Article abstract

Nature Cell Biology 8, 668 - 676 (2006)
Published online: 18 June 2006 | doi:10.1038/ncb1424

Activation of the DExD/H-box protein Dbp5 by the nuclear-pore protein Gle1 and its coactivator InsP6 is required for mRNA export

Christine S. Weirich1, Jan P. Erzberger2, Jeffrey S. Flick3,4, James M. Berger2, Jeremy Thorner2 & Karsten Weis1

The DExD/H-box ATPase Dbp5 is essential for nuclear mRNA export, although its precise role in this process remains poorly understood. Here, we identify the nuclear pore protein Gle1 as a cellular activator of Dbp5. Dbp5 alone is unable to stably bind RNA or effectively hydrolyse ATP under physiological conditions, but addition of Gle1 dramatically stimulates these activities. A gle1 point mutant deficient for Dbp5 stimulation in vitro displays an mRNA export defect in vivo, indicating that activation of Dbp5 is an essential function of Gle1. Interestingly, Gle1 binds directly to inositol hexakisphosphate (InsP6) and InsP6 potentiates the Gle1-mediated stimulation of Dbp5. Dominant mutations in DBP5 and GLE1 that rescue mRNA export phenotypes associated with the lack of InsP6 mimic the InsP6 effects in vitro. Our results define specific functions for Gle1 and InsP6 in mRNA export and suggest that local activation of Dbp5 at the nuclear pore is critical for mRNA export.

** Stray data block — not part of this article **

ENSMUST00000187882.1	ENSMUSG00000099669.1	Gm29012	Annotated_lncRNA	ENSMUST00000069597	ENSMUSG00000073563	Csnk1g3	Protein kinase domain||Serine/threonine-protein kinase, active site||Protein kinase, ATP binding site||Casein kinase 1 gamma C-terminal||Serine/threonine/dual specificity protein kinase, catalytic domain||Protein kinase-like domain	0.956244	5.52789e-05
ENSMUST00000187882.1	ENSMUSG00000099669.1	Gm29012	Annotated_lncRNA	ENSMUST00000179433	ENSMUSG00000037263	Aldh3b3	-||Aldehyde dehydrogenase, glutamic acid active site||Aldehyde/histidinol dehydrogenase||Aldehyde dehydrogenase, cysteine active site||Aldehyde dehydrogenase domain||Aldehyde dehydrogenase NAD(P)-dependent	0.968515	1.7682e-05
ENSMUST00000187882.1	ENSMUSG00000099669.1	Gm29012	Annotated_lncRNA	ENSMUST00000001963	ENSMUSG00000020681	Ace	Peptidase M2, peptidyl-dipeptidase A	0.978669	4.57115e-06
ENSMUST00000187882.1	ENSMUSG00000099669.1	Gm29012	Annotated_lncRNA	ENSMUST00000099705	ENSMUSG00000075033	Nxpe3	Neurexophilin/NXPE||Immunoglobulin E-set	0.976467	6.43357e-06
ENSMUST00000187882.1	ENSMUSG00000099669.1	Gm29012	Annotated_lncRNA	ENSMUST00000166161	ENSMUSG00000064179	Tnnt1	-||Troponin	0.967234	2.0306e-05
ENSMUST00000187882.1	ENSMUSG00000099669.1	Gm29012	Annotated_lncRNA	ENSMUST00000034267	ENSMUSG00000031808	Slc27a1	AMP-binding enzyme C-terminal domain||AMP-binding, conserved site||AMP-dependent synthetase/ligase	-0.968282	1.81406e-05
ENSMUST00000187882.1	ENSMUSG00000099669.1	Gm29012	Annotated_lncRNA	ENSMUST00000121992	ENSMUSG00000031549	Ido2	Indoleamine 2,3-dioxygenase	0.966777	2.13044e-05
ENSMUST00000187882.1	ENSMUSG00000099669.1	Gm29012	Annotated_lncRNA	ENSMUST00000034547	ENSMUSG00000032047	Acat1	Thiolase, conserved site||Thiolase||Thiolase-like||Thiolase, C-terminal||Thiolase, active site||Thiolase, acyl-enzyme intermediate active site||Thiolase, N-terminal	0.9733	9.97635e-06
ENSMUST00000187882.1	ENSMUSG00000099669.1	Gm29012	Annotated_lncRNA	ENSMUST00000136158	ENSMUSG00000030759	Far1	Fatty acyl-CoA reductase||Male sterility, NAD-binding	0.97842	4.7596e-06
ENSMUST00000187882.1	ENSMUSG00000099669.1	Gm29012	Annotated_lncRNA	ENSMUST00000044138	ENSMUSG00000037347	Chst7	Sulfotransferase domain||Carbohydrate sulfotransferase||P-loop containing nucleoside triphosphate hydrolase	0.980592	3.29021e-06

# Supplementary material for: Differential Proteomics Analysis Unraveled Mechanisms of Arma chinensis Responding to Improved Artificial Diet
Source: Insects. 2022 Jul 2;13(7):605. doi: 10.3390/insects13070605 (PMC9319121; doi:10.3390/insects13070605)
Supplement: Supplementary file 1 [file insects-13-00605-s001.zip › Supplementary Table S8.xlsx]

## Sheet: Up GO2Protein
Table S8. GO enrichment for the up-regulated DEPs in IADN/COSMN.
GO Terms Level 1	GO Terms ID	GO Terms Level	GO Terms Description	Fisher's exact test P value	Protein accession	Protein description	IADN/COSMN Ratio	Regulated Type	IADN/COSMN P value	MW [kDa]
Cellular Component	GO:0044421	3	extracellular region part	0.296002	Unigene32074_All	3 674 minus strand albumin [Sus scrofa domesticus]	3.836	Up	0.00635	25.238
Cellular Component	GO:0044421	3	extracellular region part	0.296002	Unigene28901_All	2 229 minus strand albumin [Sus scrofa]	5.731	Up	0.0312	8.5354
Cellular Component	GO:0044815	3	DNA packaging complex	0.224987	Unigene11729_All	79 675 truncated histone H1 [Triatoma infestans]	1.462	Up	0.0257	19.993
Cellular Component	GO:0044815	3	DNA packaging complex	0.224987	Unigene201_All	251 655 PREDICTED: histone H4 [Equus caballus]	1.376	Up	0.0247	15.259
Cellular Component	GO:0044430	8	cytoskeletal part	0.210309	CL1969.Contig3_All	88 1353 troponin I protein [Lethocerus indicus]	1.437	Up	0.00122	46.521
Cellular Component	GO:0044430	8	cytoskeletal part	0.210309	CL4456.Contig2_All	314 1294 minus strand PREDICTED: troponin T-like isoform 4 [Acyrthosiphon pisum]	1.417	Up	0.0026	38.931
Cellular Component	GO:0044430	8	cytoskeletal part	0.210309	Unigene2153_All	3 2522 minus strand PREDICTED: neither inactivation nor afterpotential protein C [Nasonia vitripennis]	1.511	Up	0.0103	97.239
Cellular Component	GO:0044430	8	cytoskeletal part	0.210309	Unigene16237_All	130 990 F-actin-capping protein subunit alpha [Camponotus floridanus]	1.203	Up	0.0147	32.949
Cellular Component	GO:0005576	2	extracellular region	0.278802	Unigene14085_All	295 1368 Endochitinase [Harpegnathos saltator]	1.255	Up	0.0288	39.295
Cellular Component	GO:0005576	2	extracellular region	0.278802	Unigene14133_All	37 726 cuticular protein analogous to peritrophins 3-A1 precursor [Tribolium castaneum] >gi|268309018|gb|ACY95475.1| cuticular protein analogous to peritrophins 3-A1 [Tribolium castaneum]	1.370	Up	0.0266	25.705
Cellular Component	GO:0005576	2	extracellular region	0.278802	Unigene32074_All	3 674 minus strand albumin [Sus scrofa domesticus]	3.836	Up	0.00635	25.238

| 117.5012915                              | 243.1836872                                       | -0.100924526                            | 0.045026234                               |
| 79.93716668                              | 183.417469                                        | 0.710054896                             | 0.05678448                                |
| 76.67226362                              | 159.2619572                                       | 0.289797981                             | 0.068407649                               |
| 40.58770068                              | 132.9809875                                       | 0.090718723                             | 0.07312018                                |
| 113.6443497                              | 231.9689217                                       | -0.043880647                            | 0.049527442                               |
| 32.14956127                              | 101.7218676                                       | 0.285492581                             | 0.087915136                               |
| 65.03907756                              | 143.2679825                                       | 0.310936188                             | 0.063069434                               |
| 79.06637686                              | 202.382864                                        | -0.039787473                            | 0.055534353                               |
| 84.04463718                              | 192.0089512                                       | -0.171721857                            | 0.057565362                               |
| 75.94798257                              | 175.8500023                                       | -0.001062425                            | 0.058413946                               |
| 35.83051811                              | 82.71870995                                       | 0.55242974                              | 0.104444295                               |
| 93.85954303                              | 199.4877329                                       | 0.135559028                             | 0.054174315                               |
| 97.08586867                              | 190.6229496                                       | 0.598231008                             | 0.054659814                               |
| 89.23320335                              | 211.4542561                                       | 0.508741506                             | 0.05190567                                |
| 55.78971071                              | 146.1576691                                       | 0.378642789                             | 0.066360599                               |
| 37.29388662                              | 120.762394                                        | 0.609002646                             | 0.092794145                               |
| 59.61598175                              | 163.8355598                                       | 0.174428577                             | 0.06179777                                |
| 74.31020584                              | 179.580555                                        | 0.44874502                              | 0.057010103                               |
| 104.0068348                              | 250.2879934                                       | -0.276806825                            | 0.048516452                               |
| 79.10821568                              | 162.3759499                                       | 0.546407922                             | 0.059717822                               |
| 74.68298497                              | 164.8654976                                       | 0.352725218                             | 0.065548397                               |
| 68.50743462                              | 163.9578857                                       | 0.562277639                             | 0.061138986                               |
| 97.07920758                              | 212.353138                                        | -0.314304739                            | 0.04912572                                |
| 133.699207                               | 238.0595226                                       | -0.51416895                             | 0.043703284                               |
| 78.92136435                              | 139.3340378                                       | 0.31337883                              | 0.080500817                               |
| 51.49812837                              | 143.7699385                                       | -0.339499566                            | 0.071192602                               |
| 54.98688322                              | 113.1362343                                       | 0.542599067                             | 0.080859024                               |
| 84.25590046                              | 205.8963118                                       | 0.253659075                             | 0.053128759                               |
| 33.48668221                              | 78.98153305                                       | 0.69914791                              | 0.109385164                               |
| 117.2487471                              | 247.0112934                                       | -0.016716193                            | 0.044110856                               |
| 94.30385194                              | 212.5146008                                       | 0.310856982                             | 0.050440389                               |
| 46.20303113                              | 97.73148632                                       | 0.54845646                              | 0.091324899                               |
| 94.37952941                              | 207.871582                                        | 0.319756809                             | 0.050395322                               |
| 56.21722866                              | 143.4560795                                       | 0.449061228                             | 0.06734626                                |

1. Division of Cell and Developmental Biology, University of California, Berkeley, Berkeley, CA 94720-3200, USA.
  2. Division of Biochemistry and Molecular Biology, Department of Molecular and Cell Biology, University of California, Berkeley, Berkeley, CA 94720-3200, USA.
  3. Department of Biochemistry, Vanderbilt University School of Medicine, Nashville, TN 37232-0146, USA.
  4. Current address: Myriad Pharmaceuticals Inc., 320 Wakara Way, Salt Lake City, UT 84108, USA.

Correspondence to: Karsten Weis1 e-mail:


These links to content published by NPG are automatically generated.


Exporting RNA from the nucleus to the cytoplasm

Nature Reviews Molecular Cell Biology Review (01 Oct 2007)

See all 3 matches for Reviews



Nature Structural & Molecular Biology News and Views (01 Nov 2006)

Extra navigation